ISPs will not be big fans of this either. Sure, one ISP can offer "Unlimited Uploading and Downloading only $5/month!" Joy. The other ISP offers "Unlimited Downloading - For Free!". What uses more bandwidth, do you think? If I were an ISP, I would much prefer people downloading the music they listen to, then serving as much music as their system will handle (with no money for me - the $5 goes to the copyright holders).
Controlled Uploading: It Doesn't Have to Bad
Compulsory licenses avoid this problem by forcing everyone to pay, regardless. This comes at the expense of heavily involving government, which should be a last ditch solution.
Any voluntary solution that will work will have to control uploading to a certain extent. I, myself, believe that something similar to Bit Torrent would work pretty good. Basically, those who have paid the $5/month would gain access to Bit Torrent seeding servers for the download of music. Those who don't pay, don't get access. People would not be permitted to share the songs directly (though there is still the darknet), but could easily share Bit Torrent pointers, such that another subscriber would be able to download the same song (more efficiently than most fully decentralized P2P systems).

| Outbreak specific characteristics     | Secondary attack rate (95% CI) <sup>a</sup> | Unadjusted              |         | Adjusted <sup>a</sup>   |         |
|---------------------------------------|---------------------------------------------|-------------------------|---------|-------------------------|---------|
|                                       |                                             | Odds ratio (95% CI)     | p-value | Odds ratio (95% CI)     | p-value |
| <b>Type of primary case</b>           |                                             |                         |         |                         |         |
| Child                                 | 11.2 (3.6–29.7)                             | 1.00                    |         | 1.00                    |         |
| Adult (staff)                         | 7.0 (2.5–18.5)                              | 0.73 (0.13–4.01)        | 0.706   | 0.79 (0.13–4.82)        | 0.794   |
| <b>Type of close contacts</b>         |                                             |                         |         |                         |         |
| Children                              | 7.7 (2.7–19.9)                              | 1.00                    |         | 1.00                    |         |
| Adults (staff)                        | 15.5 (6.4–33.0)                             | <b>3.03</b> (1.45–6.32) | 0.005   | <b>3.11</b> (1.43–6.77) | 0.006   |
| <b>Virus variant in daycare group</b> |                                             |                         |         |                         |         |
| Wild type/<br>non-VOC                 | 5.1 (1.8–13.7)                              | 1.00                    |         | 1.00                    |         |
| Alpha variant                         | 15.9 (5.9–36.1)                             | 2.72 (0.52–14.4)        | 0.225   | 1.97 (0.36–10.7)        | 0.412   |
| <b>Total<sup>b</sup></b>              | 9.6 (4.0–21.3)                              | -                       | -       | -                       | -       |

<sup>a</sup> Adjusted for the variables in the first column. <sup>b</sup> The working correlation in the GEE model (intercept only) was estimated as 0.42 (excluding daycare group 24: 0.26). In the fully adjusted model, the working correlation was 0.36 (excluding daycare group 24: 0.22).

Of course, acting as a Bit Torrent "seeding" host should be freely available to any player in the system, as long as they agree to comply with certain objective standards regarding security. You could even have Bit Torrent servers that charge for better access (with some of the money going to the copyright holders).
There are other benefits to this quasi-centralized service. Standardization of formats and metadata will permit search engines to compete on better finding music. Playlist swapping would become efficient. Remix "recipes" would also be possible.
Let us continue the debate.
Furdlog: Jason Schultz and Dreak Slater On Compulsory Licensing and EFFs Compulsory Licensing Trial Balloon.
WIRED: The Answer to Piracy: Five Bucks? (What's up with the levy? Bad idea.)
Not Quit a Blog: the EFF "solves" p2p...
Unlimited Freedom: The EFF Offers a Better Way Forward on File Sharing